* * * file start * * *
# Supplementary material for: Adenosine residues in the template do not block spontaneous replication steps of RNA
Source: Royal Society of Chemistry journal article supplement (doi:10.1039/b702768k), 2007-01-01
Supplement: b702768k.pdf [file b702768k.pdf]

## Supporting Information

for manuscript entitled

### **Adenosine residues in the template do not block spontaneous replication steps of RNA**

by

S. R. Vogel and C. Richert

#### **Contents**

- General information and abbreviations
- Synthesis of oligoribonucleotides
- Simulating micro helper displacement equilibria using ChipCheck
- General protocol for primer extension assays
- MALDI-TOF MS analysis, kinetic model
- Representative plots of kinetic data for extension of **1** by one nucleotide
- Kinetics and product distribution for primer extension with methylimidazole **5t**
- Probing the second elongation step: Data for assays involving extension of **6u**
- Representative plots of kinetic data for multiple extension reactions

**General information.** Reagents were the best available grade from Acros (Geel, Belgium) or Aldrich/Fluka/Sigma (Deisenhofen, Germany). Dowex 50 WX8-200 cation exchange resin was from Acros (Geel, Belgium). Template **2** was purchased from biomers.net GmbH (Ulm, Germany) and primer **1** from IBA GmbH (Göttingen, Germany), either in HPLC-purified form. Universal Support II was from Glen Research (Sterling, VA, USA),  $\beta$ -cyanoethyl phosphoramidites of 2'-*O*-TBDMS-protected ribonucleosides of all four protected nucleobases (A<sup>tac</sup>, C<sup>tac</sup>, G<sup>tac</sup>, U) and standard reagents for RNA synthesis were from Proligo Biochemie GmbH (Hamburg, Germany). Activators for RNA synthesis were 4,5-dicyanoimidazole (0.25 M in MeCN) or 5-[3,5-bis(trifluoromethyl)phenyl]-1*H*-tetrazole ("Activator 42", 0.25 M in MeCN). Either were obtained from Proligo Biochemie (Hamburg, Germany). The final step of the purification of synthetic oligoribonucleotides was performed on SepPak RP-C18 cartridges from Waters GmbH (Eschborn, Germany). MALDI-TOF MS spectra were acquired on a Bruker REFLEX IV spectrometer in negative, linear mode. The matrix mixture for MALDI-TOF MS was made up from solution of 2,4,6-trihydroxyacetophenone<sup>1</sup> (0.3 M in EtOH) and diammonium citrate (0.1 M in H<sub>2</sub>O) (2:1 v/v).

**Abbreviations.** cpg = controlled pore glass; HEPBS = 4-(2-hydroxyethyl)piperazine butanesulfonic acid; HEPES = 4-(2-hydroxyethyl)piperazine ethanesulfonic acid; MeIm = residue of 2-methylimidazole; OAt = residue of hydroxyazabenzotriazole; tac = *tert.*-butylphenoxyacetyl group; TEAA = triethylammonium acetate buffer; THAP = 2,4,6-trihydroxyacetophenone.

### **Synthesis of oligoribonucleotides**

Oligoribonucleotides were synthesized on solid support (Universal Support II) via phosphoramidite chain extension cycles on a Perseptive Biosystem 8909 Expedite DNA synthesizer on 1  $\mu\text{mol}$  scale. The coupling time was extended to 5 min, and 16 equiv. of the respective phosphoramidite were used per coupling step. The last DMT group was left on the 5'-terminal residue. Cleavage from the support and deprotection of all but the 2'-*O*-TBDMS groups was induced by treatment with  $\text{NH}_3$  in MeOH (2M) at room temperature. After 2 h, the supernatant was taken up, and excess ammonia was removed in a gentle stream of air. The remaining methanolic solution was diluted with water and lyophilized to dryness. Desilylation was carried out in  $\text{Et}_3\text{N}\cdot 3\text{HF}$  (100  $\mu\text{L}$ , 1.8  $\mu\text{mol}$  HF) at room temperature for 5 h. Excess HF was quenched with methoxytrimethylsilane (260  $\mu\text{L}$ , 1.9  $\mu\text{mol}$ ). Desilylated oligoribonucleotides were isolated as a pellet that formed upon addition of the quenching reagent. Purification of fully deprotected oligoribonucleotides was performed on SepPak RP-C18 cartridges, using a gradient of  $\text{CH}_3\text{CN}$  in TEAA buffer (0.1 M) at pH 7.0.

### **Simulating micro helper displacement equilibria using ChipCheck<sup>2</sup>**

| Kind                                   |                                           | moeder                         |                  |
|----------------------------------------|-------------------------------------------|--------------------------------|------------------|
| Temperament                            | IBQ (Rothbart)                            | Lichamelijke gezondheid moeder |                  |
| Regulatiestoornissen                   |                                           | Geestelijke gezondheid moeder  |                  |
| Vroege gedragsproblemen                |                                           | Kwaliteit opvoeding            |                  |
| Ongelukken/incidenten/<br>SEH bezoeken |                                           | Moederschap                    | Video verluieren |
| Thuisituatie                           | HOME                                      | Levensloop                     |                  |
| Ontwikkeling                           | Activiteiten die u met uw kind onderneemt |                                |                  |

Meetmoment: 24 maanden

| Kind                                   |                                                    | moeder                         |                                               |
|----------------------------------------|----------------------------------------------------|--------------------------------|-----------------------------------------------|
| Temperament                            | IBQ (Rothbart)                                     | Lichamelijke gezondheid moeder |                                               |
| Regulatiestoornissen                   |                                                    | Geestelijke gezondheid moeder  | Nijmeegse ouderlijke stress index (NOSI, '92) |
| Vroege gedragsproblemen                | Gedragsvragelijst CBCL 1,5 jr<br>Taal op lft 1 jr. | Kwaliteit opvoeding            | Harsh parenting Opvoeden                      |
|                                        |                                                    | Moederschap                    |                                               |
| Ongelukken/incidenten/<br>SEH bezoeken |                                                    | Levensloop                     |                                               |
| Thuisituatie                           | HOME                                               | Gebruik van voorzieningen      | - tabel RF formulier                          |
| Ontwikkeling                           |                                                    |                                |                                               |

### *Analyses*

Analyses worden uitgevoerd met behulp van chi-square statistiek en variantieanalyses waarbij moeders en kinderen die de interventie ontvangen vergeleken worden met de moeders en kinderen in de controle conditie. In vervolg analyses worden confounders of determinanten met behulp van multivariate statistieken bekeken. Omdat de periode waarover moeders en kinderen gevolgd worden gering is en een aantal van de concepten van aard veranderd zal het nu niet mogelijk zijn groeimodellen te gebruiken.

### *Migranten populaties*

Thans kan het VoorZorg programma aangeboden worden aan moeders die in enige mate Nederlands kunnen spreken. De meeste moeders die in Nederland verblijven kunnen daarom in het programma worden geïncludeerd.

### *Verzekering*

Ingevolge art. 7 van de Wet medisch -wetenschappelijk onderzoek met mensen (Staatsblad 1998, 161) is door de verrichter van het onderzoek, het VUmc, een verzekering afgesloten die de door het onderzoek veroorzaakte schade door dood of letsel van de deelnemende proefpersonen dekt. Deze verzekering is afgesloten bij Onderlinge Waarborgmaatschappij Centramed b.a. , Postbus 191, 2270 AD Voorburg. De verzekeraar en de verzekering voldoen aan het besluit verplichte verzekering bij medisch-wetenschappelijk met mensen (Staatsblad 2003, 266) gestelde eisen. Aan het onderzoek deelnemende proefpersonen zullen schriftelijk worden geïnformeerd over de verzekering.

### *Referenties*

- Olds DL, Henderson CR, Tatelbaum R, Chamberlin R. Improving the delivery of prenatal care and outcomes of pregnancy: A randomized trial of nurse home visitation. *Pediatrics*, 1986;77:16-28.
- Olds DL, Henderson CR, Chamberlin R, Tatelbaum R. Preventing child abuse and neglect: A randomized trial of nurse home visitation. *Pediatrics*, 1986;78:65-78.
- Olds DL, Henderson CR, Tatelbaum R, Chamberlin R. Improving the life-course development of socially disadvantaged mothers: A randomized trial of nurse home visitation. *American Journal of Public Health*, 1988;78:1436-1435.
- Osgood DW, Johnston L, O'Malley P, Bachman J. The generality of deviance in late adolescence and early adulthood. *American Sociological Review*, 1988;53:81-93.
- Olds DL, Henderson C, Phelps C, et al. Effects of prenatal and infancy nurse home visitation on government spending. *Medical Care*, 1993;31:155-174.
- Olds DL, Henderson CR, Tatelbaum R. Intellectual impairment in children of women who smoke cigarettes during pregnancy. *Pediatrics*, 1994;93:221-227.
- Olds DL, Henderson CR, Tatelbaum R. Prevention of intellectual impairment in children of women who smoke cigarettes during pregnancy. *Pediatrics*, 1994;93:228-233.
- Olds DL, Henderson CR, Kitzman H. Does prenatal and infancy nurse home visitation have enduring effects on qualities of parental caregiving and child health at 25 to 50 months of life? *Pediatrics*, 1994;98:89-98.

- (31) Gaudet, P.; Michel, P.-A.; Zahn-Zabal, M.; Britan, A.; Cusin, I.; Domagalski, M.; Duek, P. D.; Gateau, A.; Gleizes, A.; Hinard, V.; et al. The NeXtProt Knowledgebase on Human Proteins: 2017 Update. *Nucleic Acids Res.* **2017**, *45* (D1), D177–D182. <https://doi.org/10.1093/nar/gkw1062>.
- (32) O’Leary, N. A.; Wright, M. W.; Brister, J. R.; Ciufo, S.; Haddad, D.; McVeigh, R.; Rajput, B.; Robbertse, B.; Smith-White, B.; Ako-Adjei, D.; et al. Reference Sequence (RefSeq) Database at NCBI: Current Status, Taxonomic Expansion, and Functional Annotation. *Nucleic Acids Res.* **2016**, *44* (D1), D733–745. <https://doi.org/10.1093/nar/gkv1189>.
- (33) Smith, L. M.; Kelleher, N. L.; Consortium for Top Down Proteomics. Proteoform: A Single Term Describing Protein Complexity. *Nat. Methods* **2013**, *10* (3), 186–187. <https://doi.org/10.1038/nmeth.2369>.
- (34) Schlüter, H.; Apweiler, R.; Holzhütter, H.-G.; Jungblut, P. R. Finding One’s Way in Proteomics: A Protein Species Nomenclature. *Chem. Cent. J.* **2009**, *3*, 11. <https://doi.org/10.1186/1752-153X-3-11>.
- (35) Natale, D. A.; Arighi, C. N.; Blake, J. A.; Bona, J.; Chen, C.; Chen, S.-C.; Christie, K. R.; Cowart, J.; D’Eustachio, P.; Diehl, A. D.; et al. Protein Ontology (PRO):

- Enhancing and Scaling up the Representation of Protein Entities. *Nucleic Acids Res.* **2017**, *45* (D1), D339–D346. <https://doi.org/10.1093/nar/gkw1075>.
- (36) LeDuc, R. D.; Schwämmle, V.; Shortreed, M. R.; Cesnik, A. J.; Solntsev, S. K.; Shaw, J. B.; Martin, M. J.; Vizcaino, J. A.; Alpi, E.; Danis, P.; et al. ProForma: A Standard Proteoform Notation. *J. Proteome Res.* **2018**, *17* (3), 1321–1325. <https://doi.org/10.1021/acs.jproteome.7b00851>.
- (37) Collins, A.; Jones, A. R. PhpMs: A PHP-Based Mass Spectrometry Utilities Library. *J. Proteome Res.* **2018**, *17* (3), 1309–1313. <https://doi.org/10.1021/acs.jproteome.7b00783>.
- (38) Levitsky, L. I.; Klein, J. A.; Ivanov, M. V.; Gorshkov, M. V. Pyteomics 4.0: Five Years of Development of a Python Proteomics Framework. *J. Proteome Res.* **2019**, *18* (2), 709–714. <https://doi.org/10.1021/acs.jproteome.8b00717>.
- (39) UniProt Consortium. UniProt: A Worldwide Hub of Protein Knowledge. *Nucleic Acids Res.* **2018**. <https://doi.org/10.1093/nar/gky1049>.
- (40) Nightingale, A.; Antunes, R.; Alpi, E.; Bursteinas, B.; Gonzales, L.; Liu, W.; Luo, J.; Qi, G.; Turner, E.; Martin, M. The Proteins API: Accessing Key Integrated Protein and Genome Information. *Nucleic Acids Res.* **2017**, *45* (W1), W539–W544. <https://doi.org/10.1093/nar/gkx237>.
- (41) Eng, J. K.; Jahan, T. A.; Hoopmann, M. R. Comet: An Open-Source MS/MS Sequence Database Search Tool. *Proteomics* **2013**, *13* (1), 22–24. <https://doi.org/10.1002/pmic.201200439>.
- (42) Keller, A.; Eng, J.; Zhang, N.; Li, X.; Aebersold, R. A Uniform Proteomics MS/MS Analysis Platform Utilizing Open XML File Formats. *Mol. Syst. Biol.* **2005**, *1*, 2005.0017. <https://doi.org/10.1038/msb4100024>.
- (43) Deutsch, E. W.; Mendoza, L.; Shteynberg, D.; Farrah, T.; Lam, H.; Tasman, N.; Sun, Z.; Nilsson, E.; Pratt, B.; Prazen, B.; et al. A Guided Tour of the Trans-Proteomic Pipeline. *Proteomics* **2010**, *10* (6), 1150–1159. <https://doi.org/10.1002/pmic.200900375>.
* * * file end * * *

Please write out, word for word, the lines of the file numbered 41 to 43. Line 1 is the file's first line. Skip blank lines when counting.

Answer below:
| Ontwikkeling                           |                                                    |                                |                                               |

### *Analyses*

Analyses worden uitgevoerd met behulp van chi-square statistiek en variantieanalyses waarbij moeders en kinderen die de interventie ontvangen vergeleken worden met de moeders en kinderen in de controle conditie. In vervolg analyses worden confounders of determinanten met behulp van multivariate statistieken bekeken. Omdat de periode waarover moeders en kinderen gevolgd worden gering is en een aantal van de concepten van aard veranderd zal het nu niet mogelijk zijn groeimodellen te gebruiken.